Meanwhile, taking a look at power efficiency, it’s interesting to note that for the GTX 1660 Ti NVIDIA has been able to hold the line on power consumption: performance has gone up versus the GTX 1060 6GB, but card power consumption hasn’t. Thanks to this, the GTX 1660 Ti is not just 36% faster, it’s 36% percent more efficient as well. The other Turing cards have seen their own efficiency gains as well, but with their TDPs all drifting up, this is the largest (and purest) efficiency gain we’ve seen to date, and probably the best metric thus far for evaluating Turing’s power efficiency against Pascal’s.

The end result of these improvements in performance and power efficiency is that NVIDIA has once again put together a very solid Turing-based video card. And while its performance gains don’t make the likes of the GTX 1060 6GB and Radeon RX 590 obsolete overnight, it’s a clear case of out with the old and in with the new for the mainstream video card market. The GTX 1060 is well on its way out, and meanwhile AMD is going to have to significantly reposition the $279 RX 590. The GTX 1660 Ti cleanly beats it in performance and power efficiency, delivering 25% better performance for a bit over half the power consumption.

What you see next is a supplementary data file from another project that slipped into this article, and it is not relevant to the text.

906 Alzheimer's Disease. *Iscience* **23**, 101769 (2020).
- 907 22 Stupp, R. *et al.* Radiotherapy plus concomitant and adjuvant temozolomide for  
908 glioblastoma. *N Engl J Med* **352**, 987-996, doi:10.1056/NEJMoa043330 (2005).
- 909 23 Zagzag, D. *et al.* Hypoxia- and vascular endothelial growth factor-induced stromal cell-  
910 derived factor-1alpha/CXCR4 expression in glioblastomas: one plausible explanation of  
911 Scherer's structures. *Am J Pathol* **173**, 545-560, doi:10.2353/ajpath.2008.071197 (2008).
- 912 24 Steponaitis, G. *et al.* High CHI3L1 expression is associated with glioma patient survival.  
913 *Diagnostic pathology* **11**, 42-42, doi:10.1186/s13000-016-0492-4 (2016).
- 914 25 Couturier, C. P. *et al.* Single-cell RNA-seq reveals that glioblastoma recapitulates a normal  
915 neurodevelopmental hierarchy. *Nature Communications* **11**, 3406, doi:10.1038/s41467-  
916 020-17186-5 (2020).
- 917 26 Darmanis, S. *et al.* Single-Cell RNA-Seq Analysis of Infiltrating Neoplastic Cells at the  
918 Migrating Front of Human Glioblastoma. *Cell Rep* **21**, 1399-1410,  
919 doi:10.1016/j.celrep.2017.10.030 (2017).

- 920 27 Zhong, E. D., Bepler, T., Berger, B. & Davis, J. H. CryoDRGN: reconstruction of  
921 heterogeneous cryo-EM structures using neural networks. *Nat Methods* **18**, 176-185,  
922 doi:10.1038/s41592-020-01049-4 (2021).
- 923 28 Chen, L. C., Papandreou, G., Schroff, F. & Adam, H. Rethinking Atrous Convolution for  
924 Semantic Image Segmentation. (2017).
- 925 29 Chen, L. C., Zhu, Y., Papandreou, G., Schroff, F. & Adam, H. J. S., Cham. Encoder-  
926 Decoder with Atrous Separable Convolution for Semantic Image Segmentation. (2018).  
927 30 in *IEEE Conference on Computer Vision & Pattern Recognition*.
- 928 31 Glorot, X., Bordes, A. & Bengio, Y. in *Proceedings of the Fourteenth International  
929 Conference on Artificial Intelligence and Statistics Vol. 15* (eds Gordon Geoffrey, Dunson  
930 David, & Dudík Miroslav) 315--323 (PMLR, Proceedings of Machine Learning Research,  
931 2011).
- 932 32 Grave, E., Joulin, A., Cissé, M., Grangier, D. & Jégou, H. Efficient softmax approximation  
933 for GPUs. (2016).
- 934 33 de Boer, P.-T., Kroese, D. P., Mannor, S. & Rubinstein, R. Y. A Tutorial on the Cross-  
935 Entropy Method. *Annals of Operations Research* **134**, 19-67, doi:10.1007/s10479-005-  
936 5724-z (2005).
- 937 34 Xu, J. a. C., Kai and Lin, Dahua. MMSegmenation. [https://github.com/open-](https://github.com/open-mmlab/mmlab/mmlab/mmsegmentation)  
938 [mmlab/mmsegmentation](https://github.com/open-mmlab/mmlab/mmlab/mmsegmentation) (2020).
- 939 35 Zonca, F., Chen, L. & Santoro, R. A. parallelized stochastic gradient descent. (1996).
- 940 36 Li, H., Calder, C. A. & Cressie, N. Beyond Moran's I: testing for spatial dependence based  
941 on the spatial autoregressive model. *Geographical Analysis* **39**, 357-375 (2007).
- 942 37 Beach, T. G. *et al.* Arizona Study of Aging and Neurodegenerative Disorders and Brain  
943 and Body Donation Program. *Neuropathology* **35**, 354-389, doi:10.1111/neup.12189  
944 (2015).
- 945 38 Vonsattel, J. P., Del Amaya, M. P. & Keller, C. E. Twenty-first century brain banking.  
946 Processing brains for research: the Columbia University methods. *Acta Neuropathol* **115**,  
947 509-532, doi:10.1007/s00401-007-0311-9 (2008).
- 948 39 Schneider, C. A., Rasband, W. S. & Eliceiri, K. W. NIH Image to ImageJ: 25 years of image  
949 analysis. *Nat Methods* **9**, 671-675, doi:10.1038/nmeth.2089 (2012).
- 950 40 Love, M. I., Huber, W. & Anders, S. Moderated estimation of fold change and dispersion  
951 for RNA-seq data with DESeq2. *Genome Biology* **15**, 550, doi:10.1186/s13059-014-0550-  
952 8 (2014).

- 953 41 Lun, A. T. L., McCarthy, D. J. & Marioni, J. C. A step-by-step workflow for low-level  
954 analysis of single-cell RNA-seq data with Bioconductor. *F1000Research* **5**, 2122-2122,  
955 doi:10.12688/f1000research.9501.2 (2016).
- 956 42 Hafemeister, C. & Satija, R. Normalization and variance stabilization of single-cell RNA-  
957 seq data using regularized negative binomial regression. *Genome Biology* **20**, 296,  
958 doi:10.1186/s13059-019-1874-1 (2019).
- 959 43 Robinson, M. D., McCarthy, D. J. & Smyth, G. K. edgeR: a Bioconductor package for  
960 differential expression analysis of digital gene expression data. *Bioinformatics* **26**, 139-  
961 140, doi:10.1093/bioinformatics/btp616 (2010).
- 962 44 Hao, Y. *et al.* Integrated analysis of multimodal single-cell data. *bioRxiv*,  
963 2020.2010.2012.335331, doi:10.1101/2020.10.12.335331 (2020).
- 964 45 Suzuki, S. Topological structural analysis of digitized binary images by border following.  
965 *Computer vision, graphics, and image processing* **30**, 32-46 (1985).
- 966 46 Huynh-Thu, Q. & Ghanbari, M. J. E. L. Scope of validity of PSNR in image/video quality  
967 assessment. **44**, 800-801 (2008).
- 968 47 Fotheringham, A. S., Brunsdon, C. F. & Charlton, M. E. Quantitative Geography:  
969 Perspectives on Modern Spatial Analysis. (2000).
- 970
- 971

If anything, having cleared its immediate competitors with superior technology, the only real challenge NVIDIA will face is convincing consumers to pay $279 for a xx60 class card, and which performs like a $379 card from two years ago. In this respect the GTX 1660 Ti is a much better value proposition than the RTX 2060 above it, but it’s also more expensive than the GTX 1060 6GB it replaces, so it runs the risk of drifting out of the mainstream market entirely. Thankfully pricing here is a lot more grounded than the RTX 20 series cards, but the mainstream market is admittedly more price sensitive to begin with.